The truck driver, McCarry, testified that when he first saw the car on the road he applied his brakes and was 150 feet south of it traveling north. His truck started skidding and he saw some headlights in the other lane when he was south of the car. These lights did not change position. When he applied his brakes, the car was still on the road. The biggest portion of his lane was blocked. The car was headed more or less east and west. After he applied the brakes, his truck begin to slide so he let up on the brakes and applied them again and the truck jackknifed. At this time, the tractor portion of the truck crossed over to the other lane of traffic. At this time, he was probably 40 to 50 feet from the car. He kept sliding and slid into the car and went over into the southbound lane and hit the bus. When the tractor collided with the bus, the tractor was approximately three or three and one-half feet over the center line in the southbound lane. He stated it was his feeling that his truck went more out of control when the truck hit the car than it had been and that he was maybe two feet or so over the center line when the impact with the car occurred and then he skidded another foot or a foot and one-half into the bus after the truck hit the automobile.

The defendant Bartok testified that he pulled into the driveway and after stopping backed out onto the road. He could see lights coming from both ways and he figured they were about a half mile away. He asked his eleven-year-old son if he was on or off the road and the son said he didn't know. Bartok pulled up another three or four feet and the son said o.k. He could not see where his automobile was in relation to the highway. Another son testified that he looked out the back window and could see some of the edge of the road off to the side and to the rear on the right side of his dad's car. Another son testified that the back end of the car was off the road two or three feet. He did not think the truck would hit the car, but it did strike the right side of the car behind the right-rear door. The left-rear tire of the truck was touching the rear fender after the accident. The foregoing we think is a reasonably accurate portrayal of the occurrence events.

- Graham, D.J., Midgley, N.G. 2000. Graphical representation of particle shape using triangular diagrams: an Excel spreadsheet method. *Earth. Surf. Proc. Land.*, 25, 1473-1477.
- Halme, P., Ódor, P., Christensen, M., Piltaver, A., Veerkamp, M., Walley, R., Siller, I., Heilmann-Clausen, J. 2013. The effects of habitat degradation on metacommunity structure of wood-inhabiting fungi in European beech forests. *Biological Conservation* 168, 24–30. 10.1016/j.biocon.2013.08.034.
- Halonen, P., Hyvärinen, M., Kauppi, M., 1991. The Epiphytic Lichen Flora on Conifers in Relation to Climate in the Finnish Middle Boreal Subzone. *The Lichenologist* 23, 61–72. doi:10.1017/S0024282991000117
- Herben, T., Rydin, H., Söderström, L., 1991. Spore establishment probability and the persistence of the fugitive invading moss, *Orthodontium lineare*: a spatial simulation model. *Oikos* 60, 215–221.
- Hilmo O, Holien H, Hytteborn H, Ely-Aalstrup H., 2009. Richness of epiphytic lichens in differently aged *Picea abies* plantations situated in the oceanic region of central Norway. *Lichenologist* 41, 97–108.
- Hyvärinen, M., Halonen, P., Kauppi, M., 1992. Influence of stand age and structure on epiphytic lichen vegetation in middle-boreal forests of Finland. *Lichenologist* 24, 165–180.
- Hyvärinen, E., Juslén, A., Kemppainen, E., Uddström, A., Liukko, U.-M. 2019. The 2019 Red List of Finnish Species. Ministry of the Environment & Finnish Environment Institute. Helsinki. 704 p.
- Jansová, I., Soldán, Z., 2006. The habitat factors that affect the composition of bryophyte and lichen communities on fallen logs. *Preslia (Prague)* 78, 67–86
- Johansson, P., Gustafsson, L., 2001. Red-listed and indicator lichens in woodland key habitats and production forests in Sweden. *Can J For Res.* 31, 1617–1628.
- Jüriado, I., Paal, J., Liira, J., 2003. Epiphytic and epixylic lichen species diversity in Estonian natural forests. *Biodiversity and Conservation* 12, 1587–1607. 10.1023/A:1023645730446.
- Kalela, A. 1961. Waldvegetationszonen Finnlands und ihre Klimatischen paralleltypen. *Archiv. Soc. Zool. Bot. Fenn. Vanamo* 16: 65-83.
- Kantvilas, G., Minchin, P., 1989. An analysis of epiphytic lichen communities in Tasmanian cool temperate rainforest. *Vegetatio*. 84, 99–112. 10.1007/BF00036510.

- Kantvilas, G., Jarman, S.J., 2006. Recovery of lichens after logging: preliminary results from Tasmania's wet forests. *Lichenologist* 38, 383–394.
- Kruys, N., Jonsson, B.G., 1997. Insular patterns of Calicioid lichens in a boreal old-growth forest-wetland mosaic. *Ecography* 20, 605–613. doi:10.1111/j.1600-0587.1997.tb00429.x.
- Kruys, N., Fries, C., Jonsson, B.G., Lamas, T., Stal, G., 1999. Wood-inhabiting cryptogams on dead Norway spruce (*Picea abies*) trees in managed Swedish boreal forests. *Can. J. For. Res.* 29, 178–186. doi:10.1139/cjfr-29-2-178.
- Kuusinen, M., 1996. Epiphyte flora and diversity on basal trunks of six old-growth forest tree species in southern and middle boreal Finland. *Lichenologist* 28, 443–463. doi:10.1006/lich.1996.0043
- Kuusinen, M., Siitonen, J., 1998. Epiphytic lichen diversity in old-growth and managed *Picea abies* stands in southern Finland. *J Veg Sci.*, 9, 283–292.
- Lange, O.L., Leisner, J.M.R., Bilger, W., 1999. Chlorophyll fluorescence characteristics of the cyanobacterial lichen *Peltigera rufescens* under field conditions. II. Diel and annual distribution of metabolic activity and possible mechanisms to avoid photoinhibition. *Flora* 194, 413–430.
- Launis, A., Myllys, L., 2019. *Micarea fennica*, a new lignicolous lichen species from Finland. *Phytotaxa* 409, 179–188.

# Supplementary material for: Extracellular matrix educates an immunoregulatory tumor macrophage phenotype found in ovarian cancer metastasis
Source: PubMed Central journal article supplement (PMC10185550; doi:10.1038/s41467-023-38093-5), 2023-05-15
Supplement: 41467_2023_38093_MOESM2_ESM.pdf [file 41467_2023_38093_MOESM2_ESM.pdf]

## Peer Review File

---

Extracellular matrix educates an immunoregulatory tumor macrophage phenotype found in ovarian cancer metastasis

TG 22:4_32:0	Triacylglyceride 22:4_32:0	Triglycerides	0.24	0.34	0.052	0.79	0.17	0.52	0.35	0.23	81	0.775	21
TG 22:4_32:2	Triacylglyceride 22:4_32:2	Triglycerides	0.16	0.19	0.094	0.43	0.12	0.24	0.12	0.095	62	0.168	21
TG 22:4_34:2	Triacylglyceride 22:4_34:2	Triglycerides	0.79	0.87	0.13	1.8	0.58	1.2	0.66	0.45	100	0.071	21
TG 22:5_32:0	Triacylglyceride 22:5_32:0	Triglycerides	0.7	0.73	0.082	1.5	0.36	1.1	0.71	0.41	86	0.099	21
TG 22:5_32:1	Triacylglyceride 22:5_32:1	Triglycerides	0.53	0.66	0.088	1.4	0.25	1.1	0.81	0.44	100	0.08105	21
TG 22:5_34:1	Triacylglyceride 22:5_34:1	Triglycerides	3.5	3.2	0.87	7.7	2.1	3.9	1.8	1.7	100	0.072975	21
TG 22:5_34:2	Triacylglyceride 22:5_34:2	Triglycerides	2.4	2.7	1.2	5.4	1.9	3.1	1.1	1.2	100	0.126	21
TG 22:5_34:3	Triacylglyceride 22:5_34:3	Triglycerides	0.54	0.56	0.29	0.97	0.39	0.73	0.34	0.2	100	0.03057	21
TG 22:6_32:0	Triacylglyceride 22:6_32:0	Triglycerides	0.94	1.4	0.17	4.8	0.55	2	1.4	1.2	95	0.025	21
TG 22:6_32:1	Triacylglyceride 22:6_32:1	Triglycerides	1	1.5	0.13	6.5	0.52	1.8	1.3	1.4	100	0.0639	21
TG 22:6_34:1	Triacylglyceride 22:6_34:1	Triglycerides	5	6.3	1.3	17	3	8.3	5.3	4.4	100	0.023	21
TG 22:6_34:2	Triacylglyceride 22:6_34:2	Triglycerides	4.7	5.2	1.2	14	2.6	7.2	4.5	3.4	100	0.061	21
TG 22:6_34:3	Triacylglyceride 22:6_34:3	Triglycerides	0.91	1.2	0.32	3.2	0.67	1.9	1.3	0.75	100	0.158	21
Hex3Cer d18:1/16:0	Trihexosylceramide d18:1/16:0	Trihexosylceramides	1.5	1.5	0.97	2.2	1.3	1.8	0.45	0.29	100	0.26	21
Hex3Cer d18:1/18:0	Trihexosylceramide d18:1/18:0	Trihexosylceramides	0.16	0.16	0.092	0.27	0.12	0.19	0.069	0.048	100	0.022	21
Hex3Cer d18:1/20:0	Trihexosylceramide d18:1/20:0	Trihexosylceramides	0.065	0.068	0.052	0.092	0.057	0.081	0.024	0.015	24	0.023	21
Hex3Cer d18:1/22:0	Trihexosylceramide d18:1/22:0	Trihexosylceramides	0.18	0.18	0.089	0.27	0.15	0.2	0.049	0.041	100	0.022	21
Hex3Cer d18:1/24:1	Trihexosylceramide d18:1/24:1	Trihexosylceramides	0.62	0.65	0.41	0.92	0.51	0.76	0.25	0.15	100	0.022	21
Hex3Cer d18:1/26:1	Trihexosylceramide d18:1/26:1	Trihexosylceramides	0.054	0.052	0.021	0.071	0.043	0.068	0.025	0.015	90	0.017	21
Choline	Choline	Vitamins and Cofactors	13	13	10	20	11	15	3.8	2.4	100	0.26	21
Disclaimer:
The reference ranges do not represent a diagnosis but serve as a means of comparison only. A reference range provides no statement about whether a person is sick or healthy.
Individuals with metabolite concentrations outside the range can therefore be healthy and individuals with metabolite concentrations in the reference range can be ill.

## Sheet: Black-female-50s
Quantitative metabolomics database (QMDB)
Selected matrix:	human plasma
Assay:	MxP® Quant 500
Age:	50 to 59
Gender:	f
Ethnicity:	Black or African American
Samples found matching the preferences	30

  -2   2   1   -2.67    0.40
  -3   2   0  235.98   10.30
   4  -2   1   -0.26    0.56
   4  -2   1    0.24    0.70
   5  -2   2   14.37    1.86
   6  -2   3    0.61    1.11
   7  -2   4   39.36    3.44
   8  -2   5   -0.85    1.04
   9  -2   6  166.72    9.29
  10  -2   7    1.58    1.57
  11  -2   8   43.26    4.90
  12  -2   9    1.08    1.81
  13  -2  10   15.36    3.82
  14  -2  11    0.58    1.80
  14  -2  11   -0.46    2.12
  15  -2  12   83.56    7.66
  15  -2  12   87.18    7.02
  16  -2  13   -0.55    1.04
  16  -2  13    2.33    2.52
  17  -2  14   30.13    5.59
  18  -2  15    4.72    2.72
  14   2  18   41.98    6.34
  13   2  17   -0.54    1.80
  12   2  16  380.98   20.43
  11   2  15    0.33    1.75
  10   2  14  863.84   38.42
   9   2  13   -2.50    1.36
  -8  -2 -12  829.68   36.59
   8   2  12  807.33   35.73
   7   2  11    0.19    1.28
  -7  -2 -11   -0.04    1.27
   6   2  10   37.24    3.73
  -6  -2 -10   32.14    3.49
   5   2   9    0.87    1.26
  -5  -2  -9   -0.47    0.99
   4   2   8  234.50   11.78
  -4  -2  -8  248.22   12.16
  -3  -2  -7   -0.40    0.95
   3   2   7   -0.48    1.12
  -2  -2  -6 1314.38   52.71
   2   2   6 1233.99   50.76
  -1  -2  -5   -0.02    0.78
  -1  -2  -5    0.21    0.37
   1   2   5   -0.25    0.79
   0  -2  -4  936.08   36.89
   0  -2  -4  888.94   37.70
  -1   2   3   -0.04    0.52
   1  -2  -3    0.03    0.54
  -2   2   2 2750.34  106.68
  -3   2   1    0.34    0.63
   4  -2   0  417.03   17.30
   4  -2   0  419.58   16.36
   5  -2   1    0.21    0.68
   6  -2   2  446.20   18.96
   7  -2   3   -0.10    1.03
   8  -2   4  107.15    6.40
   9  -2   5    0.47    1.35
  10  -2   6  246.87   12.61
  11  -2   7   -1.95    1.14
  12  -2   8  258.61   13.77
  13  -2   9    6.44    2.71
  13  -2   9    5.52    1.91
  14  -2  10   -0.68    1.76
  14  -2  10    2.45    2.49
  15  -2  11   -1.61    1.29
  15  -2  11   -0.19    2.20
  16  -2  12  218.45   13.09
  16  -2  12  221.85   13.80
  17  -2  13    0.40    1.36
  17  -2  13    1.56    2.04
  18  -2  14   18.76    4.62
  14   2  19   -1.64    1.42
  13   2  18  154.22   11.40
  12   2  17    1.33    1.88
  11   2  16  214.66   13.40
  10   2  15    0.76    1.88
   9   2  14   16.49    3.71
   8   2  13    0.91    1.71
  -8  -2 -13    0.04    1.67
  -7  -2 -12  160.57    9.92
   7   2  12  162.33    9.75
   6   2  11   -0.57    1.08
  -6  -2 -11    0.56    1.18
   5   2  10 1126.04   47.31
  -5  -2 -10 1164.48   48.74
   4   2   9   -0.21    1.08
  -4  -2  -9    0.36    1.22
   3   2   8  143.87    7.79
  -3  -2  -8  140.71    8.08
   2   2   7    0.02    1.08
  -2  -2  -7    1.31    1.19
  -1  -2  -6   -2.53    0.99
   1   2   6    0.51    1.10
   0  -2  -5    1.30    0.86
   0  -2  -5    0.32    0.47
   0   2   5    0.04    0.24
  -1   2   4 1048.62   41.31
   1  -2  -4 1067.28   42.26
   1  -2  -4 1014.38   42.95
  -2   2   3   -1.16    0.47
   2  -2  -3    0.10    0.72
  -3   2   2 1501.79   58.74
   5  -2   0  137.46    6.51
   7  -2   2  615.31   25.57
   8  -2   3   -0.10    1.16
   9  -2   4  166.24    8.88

The three bus passengers sued the truck owner, the truck driver, the bus owner and the automobile driver and obtained verdicts only against the truck owner and its driver. The bus driver sued the truck owner, its driver and the automobile owner and obtained a judgment against the truck owner and the truck driver only. The bus owner sued the truck owner, the truck driver, and the automobile driver and obtained a judgment against the truck driver and the truck owner only. The truck driver and the truck owner obtained a judgment against the automobile owner in their suits against the automobile owner, the bus driver and the bus owner. The automobile owner does not appeal from the judgments against him. The truck driver and the truck owner each appeal in all cases where verdicts were entered against them. It is their position that the consolidation of the cases for trial was error and resulted in a loss of substantial rights, that the jury was erroneously instructed as to damages in the bus driver's suit against them and that in any event the court ought to order a remittitur of $15,000 of the bus driver's judgment against them.